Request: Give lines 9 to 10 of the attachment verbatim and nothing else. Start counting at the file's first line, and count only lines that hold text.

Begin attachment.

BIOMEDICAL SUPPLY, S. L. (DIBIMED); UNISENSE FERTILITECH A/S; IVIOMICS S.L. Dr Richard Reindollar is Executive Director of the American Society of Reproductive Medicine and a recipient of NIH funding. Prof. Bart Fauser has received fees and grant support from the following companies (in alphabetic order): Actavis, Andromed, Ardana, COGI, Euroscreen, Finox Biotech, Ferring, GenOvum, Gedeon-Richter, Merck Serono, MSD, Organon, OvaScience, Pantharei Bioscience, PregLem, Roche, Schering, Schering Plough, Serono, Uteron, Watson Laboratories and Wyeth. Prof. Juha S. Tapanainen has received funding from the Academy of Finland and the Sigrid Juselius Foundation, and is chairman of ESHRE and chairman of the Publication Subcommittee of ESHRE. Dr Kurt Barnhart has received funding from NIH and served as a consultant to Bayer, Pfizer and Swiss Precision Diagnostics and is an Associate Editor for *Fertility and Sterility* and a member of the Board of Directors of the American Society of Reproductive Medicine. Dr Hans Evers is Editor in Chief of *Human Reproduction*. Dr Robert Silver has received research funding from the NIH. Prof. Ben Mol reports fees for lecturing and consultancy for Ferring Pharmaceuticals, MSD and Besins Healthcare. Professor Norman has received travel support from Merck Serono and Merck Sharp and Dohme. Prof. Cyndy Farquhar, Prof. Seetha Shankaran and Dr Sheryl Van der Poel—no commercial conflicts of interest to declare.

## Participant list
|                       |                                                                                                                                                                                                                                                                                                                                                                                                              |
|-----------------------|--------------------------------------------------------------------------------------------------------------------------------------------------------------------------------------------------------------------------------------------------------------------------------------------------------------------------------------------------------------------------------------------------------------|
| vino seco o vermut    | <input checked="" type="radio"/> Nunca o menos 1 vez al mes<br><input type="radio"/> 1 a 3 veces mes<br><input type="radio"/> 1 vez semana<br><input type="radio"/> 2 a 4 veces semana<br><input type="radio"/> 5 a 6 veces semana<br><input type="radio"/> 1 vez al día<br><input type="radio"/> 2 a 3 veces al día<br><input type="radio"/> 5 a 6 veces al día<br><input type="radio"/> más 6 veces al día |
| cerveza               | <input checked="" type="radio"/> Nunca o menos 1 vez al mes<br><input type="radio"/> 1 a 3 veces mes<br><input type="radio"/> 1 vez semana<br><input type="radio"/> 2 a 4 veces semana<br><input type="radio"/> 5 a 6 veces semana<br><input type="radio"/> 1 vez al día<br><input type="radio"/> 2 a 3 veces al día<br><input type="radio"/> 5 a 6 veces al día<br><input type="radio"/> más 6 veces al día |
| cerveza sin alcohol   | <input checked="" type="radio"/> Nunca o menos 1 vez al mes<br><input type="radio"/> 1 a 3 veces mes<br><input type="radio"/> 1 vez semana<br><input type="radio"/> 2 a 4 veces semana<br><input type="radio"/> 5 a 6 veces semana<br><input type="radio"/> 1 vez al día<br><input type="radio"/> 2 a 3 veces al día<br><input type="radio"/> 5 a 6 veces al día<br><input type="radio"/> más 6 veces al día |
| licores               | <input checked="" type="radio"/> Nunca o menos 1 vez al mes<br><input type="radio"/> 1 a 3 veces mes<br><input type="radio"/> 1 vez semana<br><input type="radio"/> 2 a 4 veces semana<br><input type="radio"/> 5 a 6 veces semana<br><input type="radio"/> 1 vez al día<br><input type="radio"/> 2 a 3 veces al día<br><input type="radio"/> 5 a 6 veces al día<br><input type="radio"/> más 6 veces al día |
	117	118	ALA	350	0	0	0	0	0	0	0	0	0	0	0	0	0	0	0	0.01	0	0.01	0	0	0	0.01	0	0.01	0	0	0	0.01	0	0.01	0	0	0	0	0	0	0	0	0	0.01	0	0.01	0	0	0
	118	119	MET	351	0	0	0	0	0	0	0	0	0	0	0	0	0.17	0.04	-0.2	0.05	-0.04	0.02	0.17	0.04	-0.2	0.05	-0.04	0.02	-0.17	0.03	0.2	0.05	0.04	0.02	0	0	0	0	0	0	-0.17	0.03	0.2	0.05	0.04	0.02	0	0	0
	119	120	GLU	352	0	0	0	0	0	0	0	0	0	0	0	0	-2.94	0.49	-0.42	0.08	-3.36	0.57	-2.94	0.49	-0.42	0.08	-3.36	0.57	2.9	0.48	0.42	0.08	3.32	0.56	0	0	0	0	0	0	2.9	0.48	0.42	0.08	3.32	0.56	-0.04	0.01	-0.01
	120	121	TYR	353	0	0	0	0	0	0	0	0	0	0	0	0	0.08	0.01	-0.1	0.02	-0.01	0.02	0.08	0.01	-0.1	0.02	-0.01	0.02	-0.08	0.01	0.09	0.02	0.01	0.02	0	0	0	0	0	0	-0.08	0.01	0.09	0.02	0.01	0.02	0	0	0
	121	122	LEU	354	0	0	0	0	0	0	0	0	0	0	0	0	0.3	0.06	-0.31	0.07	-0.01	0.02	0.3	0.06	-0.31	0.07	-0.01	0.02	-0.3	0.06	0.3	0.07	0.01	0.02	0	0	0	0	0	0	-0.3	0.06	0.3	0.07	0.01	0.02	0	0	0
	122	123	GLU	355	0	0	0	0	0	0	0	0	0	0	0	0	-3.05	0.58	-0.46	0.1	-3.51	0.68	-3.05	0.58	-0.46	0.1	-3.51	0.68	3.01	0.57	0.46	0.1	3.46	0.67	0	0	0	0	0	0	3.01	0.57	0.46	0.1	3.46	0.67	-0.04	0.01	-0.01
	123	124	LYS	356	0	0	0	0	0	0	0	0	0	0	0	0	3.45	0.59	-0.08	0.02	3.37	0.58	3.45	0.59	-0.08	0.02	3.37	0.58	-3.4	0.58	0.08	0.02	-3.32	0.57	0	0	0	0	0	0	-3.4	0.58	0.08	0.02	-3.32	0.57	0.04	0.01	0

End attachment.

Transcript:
	117	118	ALA	350	0	0	0	0	0	0	0	0	0	0	0	0	0	0	0	0.01	0	0.01	0	0	0	0.01	0	0.01	0	0	0	0.01	0	0.01	0	0	0	0	0	0	0	0	0	0.01	0	0.01	0	0	0
	118	119	MET	351	0	0	0	0	0	0	0	0	0	0	0	0	0.17	0.04	-0.2	0.05	-0.04	0.02	0.17	0.04	-0.2	0.05	-0.04	0.02	-0.17	0.03	0.2	0.05	0.04	0.02	0	0	0	0	0	0	-0.17	0.03	0.2	0.05	0.04	0.02	0	0	0